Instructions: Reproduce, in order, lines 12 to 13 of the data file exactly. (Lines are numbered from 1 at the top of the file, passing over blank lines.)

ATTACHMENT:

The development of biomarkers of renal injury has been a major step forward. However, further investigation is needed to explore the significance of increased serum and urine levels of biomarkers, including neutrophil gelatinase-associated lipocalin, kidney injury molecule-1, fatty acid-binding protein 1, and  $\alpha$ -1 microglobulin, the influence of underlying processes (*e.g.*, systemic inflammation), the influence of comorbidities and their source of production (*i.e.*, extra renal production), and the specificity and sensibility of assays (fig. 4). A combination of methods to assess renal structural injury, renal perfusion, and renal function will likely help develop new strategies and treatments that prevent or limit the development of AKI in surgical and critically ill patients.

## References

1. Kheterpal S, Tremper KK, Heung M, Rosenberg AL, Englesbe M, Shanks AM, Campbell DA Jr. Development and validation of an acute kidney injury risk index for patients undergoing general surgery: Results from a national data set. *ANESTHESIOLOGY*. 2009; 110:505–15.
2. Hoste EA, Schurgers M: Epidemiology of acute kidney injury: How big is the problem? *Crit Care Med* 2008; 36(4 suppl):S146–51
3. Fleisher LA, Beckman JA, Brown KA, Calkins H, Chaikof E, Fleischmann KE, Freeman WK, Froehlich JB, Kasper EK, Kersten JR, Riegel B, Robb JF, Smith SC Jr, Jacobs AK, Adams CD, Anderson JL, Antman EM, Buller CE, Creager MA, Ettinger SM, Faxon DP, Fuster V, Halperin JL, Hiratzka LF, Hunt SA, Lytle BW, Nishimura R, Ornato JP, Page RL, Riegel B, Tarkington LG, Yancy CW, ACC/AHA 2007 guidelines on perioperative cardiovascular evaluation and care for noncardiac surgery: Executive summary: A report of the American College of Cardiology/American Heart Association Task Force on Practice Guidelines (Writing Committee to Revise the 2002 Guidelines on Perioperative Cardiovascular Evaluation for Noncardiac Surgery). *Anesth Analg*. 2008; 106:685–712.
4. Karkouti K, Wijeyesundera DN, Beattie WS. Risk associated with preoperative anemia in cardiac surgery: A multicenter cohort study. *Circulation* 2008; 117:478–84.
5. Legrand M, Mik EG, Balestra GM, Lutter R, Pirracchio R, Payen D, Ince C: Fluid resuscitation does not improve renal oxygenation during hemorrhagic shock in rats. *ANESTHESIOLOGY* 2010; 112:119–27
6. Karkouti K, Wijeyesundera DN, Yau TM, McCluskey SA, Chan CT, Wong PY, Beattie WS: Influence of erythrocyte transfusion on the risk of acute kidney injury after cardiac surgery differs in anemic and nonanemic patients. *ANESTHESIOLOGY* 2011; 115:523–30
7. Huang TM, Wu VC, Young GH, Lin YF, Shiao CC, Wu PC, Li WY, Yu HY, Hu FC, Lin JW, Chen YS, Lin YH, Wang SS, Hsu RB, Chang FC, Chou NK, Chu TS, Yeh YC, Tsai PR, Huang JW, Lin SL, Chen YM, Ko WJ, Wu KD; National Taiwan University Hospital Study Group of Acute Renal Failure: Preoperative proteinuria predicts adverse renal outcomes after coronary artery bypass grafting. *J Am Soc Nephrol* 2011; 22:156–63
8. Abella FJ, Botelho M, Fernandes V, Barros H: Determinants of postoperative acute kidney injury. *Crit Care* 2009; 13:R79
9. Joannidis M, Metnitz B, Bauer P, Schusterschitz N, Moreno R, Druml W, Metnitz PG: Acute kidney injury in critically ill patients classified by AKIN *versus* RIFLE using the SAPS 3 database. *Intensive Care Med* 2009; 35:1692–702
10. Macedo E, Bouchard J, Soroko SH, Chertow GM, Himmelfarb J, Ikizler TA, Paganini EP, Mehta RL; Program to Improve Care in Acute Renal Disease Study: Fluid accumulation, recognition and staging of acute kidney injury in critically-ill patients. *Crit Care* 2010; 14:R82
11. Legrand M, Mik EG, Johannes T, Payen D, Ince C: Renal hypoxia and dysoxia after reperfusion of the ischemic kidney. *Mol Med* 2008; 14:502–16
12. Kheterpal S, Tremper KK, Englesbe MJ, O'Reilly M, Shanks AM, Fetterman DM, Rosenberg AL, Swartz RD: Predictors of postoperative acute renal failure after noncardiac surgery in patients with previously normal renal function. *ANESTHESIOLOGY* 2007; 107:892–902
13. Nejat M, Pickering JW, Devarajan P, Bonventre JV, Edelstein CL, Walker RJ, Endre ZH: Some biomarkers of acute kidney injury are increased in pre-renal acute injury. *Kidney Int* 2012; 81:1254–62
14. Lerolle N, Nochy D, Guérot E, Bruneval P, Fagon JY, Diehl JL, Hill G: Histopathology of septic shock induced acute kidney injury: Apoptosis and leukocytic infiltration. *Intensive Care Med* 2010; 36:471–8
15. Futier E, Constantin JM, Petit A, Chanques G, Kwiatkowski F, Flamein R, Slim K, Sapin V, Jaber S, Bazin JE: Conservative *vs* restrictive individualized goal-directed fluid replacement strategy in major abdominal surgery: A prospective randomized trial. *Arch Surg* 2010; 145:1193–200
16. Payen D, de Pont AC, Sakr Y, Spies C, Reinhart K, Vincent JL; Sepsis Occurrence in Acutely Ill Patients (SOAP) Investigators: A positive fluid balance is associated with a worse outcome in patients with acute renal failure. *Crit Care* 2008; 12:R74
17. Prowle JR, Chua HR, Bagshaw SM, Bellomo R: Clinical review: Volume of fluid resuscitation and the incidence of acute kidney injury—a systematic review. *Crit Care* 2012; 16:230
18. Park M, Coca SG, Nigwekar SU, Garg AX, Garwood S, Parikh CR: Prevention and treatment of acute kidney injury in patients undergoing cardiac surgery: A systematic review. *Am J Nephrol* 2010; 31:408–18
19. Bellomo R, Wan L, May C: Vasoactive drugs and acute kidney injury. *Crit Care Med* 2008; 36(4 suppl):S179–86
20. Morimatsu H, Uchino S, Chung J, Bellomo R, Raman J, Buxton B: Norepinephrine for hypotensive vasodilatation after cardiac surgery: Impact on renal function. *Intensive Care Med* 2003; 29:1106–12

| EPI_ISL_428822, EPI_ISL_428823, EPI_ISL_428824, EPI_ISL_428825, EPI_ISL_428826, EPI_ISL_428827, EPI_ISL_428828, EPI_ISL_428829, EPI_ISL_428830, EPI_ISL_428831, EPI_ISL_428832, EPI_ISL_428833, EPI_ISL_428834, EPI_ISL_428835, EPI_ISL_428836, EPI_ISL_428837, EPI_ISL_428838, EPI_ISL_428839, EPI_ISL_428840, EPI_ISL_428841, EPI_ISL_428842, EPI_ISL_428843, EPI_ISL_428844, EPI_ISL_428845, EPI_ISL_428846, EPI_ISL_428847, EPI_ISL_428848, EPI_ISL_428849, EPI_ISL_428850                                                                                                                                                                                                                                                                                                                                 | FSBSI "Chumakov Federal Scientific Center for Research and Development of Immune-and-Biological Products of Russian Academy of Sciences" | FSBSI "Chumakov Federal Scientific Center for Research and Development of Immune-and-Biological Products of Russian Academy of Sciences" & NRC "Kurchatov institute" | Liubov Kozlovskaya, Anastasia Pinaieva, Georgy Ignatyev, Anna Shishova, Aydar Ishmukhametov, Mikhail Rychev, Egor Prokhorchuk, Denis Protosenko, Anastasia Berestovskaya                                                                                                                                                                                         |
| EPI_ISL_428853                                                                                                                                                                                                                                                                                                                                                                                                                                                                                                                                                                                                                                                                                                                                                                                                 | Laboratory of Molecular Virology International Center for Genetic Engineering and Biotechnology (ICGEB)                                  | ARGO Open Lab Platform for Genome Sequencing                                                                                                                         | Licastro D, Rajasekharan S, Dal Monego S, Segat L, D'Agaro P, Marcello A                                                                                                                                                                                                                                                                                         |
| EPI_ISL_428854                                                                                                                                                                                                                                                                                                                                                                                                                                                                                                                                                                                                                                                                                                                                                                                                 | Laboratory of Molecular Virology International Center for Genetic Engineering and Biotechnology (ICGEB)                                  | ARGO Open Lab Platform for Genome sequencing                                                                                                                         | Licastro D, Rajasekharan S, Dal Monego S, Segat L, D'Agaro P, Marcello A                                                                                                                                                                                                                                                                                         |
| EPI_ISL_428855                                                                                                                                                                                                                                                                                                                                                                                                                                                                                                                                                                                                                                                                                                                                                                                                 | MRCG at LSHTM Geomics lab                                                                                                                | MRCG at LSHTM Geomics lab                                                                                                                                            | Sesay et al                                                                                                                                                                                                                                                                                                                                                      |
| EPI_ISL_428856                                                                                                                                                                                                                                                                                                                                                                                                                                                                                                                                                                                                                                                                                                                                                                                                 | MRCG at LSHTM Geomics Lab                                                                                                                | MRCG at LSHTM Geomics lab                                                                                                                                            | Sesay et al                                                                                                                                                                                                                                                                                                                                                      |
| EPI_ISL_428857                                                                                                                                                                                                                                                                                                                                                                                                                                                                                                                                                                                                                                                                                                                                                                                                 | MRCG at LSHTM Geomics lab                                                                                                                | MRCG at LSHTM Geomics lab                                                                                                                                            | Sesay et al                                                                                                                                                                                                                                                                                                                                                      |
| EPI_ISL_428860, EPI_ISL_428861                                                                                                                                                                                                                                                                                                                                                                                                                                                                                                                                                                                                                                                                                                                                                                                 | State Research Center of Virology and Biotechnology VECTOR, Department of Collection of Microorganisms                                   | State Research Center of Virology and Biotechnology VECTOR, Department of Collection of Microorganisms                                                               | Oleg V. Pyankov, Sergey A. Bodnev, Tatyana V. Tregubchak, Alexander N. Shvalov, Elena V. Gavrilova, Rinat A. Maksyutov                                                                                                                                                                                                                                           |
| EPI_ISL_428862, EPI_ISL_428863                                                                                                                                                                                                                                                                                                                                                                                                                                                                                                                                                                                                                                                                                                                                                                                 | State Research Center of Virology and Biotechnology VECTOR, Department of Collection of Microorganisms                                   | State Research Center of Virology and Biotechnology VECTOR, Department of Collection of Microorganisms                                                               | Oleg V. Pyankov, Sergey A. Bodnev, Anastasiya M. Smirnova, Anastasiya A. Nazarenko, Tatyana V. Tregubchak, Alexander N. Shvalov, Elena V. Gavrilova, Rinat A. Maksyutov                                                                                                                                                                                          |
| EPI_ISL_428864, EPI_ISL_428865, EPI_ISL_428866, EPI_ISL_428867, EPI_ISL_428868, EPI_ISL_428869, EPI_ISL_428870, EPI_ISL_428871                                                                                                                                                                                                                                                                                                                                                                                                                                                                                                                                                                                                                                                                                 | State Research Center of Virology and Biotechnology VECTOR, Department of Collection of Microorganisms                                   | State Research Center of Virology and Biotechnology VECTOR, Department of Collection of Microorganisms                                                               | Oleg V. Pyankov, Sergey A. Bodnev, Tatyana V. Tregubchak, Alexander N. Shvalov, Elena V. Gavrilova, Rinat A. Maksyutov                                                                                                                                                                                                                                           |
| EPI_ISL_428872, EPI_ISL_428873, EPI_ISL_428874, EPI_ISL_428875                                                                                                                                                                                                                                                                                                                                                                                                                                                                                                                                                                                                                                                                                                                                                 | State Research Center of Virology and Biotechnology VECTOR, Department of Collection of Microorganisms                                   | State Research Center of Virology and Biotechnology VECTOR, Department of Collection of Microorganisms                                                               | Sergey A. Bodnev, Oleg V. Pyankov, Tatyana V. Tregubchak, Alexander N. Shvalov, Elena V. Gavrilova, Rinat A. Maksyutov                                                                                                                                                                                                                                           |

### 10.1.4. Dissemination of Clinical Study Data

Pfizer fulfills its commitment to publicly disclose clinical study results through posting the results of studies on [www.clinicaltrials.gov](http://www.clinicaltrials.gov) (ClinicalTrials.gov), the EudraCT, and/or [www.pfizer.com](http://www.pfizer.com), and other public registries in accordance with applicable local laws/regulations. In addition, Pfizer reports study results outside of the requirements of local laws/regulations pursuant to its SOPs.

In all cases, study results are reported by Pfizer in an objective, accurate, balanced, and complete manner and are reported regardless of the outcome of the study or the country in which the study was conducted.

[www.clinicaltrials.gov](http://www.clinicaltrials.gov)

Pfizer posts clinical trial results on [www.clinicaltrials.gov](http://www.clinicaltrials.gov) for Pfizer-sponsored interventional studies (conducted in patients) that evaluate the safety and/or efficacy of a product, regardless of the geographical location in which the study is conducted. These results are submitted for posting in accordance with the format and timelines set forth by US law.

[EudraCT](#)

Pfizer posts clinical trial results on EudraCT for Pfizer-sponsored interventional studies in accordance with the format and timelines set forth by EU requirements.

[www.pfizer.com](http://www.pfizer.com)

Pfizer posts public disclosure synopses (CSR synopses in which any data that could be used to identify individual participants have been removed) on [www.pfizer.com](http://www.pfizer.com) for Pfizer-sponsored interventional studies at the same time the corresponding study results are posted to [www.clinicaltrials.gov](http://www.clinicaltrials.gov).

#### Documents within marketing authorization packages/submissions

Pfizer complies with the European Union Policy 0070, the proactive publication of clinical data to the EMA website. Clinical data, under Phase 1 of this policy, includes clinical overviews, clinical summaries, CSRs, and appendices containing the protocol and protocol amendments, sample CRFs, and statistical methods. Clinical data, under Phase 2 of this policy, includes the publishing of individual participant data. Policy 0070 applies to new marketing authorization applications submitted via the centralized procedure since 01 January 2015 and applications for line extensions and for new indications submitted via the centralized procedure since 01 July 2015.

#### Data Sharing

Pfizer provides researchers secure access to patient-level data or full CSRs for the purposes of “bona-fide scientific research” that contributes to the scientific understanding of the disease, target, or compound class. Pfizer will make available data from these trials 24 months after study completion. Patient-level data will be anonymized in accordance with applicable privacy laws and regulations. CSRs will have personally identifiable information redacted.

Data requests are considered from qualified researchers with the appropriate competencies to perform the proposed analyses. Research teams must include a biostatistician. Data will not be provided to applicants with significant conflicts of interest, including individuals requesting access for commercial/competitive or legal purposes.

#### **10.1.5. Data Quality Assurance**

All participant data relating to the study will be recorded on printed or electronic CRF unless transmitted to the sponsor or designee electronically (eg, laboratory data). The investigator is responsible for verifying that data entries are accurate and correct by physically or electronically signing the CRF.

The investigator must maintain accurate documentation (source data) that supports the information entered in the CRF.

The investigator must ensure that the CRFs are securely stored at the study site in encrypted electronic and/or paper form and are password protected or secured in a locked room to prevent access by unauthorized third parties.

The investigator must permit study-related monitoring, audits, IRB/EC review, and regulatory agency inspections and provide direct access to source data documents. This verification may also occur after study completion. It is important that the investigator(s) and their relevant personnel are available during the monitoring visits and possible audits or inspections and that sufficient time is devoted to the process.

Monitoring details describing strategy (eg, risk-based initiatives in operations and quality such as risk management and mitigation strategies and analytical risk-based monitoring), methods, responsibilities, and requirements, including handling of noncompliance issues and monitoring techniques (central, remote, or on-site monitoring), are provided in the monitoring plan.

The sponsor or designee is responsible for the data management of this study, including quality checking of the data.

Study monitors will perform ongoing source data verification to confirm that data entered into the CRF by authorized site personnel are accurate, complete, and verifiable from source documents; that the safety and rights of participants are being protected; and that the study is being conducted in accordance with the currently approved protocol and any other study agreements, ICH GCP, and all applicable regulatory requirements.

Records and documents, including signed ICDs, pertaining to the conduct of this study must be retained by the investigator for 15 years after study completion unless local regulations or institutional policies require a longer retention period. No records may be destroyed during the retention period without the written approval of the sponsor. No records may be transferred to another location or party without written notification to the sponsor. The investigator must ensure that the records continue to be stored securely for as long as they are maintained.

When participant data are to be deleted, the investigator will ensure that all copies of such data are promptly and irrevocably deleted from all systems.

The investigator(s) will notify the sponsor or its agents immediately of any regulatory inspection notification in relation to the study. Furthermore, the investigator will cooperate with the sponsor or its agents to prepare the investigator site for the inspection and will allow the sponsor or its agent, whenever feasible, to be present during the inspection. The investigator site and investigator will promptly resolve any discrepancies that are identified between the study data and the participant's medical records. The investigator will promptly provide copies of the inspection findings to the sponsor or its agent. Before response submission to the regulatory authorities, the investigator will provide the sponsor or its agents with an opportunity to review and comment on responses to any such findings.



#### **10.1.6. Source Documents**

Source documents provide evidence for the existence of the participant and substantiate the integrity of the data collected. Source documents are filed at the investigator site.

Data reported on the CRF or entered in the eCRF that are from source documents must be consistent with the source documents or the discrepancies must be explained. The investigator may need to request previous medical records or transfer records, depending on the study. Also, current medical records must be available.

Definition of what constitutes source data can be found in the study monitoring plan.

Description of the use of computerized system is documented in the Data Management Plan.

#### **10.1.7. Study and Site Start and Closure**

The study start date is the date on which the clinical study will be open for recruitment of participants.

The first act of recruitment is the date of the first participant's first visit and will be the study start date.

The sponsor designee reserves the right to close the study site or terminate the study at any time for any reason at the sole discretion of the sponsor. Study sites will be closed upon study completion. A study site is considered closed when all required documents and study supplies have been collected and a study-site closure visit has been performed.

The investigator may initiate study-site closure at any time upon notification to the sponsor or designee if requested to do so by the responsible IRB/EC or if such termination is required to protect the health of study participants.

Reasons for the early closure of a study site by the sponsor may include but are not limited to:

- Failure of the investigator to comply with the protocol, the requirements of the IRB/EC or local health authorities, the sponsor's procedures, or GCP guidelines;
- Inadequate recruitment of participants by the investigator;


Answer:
10. Macedo E, Bouchard J, Soroko SH, Chertow GM, Himmelfarb J, Ikizler TA, Paganini EP, Mehta RL; Program to Improve Care in Acute Renal Disease Study: Fluid accumulation, recognition and staging of acute kidney injury in critically-ill patients. *Crit Care* 2010; 14:R82
11. Legrand M, Mik EG, Johannes T, Payen D, Ince C: Renal hypoxia and dysoxia after reperfusion of the ischemic kidney. *Mol Med* 2008; 14:502–16